“My ancestors responded to the slave experience by expressing their feelings and faith in song,” said the Rev. Cynthia Hale during her sermon, “Have You Got Good Religion?” at the 9:15 a.m. morning worship service Tuesday. “Spirituals were the soul of a people in a dark, dehumanizing place with a cold, cruel master. Their faith is evidenced in song, and at the end of the day they would steal away to Jesus and preach their souls happy.”
Hale’s Scripture text was James 1:27-2:8.
“They [slaves] turned darkness into light and could sing the Lord’s song in a strange land,” she said. “They knew they were created in the image of God, and they set the record straight in song that they could be all God expected them to be.”
She sang: “‘Have you got good religion/certainly, certainly, certainly, Lord.’ The question is not have you got good religion but is your religion any good.”
In the Book of James in the New Testament, James says that it is God who determines what good religion is.
According to Hale, it means, in part, to look after the widows and orphans and to live a holy life.
“Religion means worship,” she said. “It is ritual and liturgy. James is saying that the finest liturgy is not just on Sunday but what we do when we leave this place. The question is not ‘Have you been baptized?’ but ‘What do you do now that you are baptized?’ It [worship] must be accompanied by loving ministry and a holy life.
“Our character must be spotless. We have to keep from being stained and polluted by the world,” Hale continued. “We are in the world and we have to interact with people and situations that can tempt and seduce us. [A spotless life] is not about feeling good. It is about doing good. It is about sacrifice and discipline. Clean living before God is not hard — just do it. Just submit to the word. James said to keep a tight reign on your tongue. Sometimes, it is not what you say but how you say it. Good character leads to good conduct.”
The phrase, “widows and orphans,” means those who are the most open to exploitation, the most vulnerable, Hale said. God defends, takes cares and provides for the poor, those in prison, those who need sanctuary.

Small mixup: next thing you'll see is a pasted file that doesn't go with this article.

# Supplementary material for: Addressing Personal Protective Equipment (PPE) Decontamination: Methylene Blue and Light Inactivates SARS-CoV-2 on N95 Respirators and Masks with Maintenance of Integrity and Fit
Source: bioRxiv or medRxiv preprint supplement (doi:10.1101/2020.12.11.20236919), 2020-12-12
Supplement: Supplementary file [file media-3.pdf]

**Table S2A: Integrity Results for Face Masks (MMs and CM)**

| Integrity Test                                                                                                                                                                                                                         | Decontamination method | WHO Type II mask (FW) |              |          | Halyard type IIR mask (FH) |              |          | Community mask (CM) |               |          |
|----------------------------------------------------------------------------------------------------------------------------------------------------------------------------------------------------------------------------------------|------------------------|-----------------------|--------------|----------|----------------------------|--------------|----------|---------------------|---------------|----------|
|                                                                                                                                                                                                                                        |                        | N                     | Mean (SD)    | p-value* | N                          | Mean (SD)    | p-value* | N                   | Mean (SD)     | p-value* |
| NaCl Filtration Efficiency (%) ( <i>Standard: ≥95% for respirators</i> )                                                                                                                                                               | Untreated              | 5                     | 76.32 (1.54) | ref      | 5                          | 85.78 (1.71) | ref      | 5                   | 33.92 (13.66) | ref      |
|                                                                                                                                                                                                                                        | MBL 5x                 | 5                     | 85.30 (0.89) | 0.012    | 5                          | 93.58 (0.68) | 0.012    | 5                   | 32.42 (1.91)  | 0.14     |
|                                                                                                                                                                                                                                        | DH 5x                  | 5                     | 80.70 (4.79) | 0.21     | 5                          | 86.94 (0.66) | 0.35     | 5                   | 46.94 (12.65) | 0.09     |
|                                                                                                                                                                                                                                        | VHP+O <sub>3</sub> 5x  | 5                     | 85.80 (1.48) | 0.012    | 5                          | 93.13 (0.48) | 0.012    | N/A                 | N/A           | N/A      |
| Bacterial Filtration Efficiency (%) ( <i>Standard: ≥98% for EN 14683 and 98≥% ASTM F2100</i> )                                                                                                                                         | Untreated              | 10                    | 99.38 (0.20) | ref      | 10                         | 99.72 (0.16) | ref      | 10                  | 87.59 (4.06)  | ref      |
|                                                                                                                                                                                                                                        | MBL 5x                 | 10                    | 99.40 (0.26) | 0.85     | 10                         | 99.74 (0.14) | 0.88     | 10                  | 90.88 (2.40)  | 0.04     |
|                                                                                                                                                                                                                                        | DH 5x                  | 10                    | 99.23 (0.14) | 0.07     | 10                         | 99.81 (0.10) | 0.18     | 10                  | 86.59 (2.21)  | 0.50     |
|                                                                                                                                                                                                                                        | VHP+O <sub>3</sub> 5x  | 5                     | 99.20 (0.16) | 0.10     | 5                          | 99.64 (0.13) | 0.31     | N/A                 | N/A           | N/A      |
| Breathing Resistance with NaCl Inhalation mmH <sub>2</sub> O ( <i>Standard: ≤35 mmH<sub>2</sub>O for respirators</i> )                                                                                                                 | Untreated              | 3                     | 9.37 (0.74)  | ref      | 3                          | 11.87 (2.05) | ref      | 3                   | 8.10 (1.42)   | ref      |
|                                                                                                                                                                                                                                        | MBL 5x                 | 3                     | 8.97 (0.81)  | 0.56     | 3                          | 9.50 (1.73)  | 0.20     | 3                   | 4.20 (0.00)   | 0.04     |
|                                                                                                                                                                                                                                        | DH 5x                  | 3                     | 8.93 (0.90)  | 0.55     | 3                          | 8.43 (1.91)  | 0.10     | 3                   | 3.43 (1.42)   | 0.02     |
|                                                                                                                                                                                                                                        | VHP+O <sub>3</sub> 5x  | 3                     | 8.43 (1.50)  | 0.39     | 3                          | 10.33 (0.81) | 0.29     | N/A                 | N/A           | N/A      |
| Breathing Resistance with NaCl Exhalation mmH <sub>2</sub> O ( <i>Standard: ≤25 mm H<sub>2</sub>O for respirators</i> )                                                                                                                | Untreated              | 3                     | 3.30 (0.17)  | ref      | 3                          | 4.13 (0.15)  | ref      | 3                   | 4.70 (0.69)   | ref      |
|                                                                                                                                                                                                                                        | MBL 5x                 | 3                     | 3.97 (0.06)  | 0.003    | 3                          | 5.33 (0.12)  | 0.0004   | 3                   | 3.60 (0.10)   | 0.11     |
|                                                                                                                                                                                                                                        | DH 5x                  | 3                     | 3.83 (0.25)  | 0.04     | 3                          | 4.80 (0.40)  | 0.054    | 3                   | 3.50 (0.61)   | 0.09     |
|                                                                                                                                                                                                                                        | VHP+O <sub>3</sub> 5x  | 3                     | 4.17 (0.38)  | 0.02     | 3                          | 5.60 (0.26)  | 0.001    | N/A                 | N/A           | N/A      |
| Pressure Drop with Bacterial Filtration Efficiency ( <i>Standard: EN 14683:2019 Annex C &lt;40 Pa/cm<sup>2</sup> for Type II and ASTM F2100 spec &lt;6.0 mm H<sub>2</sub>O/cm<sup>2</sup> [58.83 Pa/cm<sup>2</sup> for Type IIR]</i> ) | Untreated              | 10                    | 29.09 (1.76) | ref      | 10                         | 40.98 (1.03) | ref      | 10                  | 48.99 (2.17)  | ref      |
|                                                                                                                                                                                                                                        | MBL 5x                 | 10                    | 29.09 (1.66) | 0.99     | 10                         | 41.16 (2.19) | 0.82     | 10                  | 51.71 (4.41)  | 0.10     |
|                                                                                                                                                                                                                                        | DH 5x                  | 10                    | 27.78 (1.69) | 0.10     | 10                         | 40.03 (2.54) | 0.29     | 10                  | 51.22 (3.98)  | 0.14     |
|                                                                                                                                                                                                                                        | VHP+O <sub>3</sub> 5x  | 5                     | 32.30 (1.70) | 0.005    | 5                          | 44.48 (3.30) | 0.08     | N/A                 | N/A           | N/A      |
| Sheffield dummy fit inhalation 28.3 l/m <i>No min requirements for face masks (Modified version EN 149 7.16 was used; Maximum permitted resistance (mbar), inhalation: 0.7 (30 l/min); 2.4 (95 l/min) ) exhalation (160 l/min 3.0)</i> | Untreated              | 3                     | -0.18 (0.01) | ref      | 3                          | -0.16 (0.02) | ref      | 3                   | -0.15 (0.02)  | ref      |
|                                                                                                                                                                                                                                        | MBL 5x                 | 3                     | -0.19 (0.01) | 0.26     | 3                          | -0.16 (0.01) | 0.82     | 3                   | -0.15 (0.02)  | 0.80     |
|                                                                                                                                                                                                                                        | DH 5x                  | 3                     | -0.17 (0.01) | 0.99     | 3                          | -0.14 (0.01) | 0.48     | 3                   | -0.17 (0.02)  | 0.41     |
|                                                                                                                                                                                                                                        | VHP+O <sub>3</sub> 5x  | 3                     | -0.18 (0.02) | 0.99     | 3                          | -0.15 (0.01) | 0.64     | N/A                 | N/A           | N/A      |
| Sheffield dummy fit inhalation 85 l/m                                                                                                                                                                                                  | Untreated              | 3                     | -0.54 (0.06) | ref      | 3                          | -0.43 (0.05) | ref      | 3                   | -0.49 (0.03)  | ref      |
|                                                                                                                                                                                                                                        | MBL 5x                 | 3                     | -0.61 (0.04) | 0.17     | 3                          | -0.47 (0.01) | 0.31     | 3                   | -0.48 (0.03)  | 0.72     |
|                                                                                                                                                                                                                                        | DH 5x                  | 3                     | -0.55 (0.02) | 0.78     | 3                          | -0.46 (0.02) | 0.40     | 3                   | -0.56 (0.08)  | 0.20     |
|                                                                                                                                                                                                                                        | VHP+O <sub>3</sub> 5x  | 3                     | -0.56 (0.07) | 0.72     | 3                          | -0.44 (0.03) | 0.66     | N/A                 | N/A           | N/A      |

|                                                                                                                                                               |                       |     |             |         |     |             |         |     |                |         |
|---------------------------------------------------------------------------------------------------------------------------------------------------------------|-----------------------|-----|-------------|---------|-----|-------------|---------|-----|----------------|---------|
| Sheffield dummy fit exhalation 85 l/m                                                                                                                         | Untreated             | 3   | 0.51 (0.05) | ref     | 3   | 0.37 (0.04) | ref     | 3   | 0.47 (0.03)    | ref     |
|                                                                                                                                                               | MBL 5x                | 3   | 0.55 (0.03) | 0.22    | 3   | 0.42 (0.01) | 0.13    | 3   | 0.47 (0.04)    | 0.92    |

“The God of good religion looks after folks who can’t look after themselves,” she said. “God expects us to handle God’s business in the world. He said, ‘Handle it until I get back.’ What do you think we are here for?”
Hale said that there are 49 million people in the United States who are food insecure and “they look like you and me. Children who go to school hungry can’t think, have higher degrees of absenteeism and can’t compete for the best jobs. The U.S. Department of State projects that 244,000 children are at risk of sexual exploitation. Their average age is 14.
“If you are poor, you choose between eating and having a roof over your head,” she continued. “If you are poor, you choose between eating and getting medicine. When you are poor, you choose between eating and buying gas to get to work — your two or three jobs that still won’t keep your head above water.”
Hale cited that in President Barack Obama’s book, The Audacity of Hope, the executive-to-be observed that people’s hopes were very modest.
“They want a living wage, for their children to go to college, clean air, a local grocery store with fresh vegetables and canned goods that are not past their expiration date, health care so if they get sick they will not lose everything,” Hale said. “People want to provide for themselves and they need a little help from somebody who cares.”
Can we accept the poor without prejudice, Hale asked. Can we not show favoritism to the wealthy or powerful? In his letter, James was addressing a natural response to honor those we think are important. But, Hale said, we are dismissing those who don’t live like us.
“God shows no partiality and neither should we,” she said. “God chose the poor to be rich in faith and to inherit the kingdom. They are our brothers and sisters. When we hurt one, we are all hurting. You have to keep the royal law — to love your neighbor as you love God. Loving God is to love our brothers and sisters without limits and conditions.
“We have to compassionately provide assistance,” Hale continued. “That is what Chautauqua is all about — I saw it on a billboard. Love. Compassion. Mercy. Good religion works. What good is it if you greet me and pass by and not check to see if I have what I need. Here [Chautauqua], you stop and look each other in the eye and give one another attention.”
As an illustration, Hale said that on Sunday an older gentleman gave her a kiss like her grandfather used to kiss her.
“I am single, and I don’t often get a kiss,” she said to conclude. “Good religion talks the talk and walks the walk. Jesus preached and then went out and healed the sick; he set people free. Jesus had good religion. Do you?”
The Rev. Ed. McCarthy presided. Rebecca Cole-Turner, hospitality coordinator at the United Church of Christ Headquarters, read the Scripture. The Motet Choir sang “Love” with text by Christopher Wordsworth and music by Gerald Near. The Daney-Holden Chaplaincy Fund and the Jackson-Carnahan Memorial Chaplaincy provide support for this week’s services.